Reporter: After almost three decades of market liberalization and privatization of state owned companies, we are witnessing a new wave of regulations concerning economic activities, in particular financial activities, and the nationalization of some companies, particularly in the financial sector. How do you view the evolution of the world's economy in this context?
Jörg Guido Hülsmann: The long term trend is to create a heavily politicized financial sector. And such a system is usually accompanied by inefficiency and corruption. This will cause companies, as well as the population, to constantly avoid the financial markets, because their services are unsatisfactory, and to find other ways to finance their operations. Therefore I am expecting a change in the structure of the financial sector, and I see it becoming less formal. People will resort less to the regulated markets and more to the networks made up of relatives, friends, acquaintances and so on.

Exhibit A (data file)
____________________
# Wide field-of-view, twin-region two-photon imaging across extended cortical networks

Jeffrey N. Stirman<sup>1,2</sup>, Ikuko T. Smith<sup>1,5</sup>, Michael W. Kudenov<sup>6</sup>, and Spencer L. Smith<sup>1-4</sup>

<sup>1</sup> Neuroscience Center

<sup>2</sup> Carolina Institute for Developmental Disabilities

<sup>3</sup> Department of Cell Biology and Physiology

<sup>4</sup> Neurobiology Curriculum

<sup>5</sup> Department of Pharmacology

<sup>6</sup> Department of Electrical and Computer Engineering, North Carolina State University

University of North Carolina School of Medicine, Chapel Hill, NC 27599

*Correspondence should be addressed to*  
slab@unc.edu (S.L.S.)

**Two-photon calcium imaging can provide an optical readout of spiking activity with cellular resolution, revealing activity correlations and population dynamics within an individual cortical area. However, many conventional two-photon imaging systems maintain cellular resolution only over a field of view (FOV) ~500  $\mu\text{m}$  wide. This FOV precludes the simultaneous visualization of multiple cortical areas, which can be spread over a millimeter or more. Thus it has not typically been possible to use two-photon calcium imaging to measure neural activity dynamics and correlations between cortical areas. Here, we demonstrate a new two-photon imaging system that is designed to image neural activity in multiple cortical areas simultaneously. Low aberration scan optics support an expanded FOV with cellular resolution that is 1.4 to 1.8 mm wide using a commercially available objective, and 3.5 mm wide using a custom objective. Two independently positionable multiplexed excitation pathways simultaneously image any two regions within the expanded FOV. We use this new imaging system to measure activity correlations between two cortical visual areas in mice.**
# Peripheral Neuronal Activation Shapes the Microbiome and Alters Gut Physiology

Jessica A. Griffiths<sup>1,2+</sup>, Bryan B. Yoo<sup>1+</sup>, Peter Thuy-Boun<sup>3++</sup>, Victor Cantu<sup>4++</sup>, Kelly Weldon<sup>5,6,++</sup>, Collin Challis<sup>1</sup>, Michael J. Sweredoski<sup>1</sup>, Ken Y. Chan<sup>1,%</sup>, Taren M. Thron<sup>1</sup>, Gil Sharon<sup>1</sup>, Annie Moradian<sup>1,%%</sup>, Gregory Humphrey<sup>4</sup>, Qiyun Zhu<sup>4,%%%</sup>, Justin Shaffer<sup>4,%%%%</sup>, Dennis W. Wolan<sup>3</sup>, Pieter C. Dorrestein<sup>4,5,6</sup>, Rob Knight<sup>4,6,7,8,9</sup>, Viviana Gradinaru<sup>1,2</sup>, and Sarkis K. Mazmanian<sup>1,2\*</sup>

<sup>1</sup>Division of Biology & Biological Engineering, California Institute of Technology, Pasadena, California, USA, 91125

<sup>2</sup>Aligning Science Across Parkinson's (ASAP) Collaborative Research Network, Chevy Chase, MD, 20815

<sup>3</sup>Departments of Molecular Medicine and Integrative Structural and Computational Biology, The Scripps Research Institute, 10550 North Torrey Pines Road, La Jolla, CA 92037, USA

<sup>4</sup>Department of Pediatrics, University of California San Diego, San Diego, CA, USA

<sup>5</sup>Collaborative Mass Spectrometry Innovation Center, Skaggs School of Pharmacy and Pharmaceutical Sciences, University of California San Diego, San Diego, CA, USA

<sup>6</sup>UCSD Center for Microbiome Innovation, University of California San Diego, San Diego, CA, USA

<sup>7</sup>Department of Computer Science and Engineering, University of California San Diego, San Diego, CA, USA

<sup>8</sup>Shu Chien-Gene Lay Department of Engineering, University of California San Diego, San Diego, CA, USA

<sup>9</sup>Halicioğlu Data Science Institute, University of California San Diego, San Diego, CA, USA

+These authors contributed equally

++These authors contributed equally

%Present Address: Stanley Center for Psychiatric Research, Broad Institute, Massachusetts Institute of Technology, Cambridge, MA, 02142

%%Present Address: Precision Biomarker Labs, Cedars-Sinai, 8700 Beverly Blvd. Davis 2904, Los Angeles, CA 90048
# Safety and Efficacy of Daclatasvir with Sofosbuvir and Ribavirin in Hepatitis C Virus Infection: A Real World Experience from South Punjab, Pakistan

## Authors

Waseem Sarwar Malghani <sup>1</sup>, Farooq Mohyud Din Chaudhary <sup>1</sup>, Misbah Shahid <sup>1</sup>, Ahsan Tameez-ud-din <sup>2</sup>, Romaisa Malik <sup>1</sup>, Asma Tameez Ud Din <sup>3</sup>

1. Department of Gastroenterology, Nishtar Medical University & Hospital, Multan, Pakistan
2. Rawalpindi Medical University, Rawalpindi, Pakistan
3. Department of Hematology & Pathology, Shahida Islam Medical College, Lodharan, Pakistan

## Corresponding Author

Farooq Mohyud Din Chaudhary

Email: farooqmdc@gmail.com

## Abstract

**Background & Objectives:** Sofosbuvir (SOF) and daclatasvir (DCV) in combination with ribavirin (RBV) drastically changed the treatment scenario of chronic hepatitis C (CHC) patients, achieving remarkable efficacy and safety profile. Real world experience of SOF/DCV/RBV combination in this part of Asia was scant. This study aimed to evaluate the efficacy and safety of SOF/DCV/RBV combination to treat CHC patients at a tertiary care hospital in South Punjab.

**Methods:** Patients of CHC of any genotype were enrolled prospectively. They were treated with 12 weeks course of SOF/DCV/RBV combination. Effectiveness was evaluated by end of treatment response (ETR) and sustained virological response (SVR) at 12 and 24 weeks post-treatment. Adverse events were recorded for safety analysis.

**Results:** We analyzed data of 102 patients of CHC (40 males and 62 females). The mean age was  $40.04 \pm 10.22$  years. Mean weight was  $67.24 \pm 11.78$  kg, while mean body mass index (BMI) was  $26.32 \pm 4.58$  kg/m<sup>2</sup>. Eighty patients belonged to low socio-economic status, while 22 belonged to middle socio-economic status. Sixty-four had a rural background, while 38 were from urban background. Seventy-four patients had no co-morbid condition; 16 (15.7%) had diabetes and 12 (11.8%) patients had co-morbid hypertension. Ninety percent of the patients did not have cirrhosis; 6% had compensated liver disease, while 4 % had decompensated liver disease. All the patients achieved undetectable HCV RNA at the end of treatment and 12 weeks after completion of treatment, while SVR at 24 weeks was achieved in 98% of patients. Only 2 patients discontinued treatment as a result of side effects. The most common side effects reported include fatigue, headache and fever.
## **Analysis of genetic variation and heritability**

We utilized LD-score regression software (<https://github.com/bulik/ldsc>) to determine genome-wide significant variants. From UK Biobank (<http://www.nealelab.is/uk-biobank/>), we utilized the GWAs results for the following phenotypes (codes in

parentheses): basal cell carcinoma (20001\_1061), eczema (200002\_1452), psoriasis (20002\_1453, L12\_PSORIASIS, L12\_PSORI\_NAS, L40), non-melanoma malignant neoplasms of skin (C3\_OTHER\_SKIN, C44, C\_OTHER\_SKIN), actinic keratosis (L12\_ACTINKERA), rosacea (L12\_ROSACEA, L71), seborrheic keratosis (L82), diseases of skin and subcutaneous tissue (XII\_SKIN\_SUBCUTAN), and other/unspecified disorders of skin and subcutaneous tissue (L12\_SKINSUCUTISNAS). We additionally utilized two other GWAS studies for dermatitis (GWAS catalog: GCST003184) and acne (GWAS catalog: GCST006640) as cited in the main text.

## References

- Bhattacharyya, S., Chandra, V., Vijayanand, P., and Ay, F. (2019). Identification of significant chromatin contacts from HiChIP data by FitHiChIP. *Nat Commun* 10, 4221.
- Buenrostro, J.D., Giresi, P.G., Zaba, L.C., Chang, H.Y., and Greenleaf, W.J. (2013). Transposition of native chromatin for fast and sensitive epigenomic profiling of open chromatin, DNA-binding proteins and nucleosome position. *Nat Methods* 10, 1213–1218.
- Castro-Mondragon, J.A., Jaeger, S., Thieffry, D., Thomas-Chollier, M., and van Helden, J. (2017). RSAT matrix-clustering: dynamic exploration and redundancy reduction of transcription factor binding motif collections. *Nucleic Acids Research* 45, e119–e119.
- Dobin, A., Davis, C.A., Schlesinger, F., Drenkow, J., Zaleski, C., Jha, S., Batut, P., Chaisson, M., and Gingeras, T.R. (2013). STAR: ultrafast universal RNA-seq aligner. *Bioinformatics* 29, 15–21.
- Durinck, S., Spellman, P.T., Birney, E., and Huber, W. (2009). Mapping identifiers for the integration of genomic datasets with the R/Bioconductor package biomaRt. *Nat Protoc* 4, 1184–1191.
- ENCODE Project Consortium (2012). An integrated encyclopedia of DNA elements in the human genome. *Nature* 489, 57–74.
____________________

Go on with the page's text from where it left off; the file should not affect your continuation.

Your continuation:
Reporter: The message which the authorities have conveyed is that the financial institutions will be privatized once they are healthy again...
Jörg Guido Hülsmann: This idea is found in some of the economic theories. You save banks from bankruptcy, you improve their operations, and then you sell them. The problem is that through these measures, you are creating a moral hazard for banks, because they will feel that if they get in trouble again, the government will intervene in the just like it did before to save them. In doing this, you are maintaining the structural deficiencies of the current system, by keeping the profits in private hands, while at the same time having the population bear the losses. The best way to make the banks accountable is to leave the option of bankruptcy on the table. If you eliminate the risk of bankruptcy, you no longer have a market in the true sense of the word.
Reporter: What would be the consequences of a Greek exit from the Eurozone?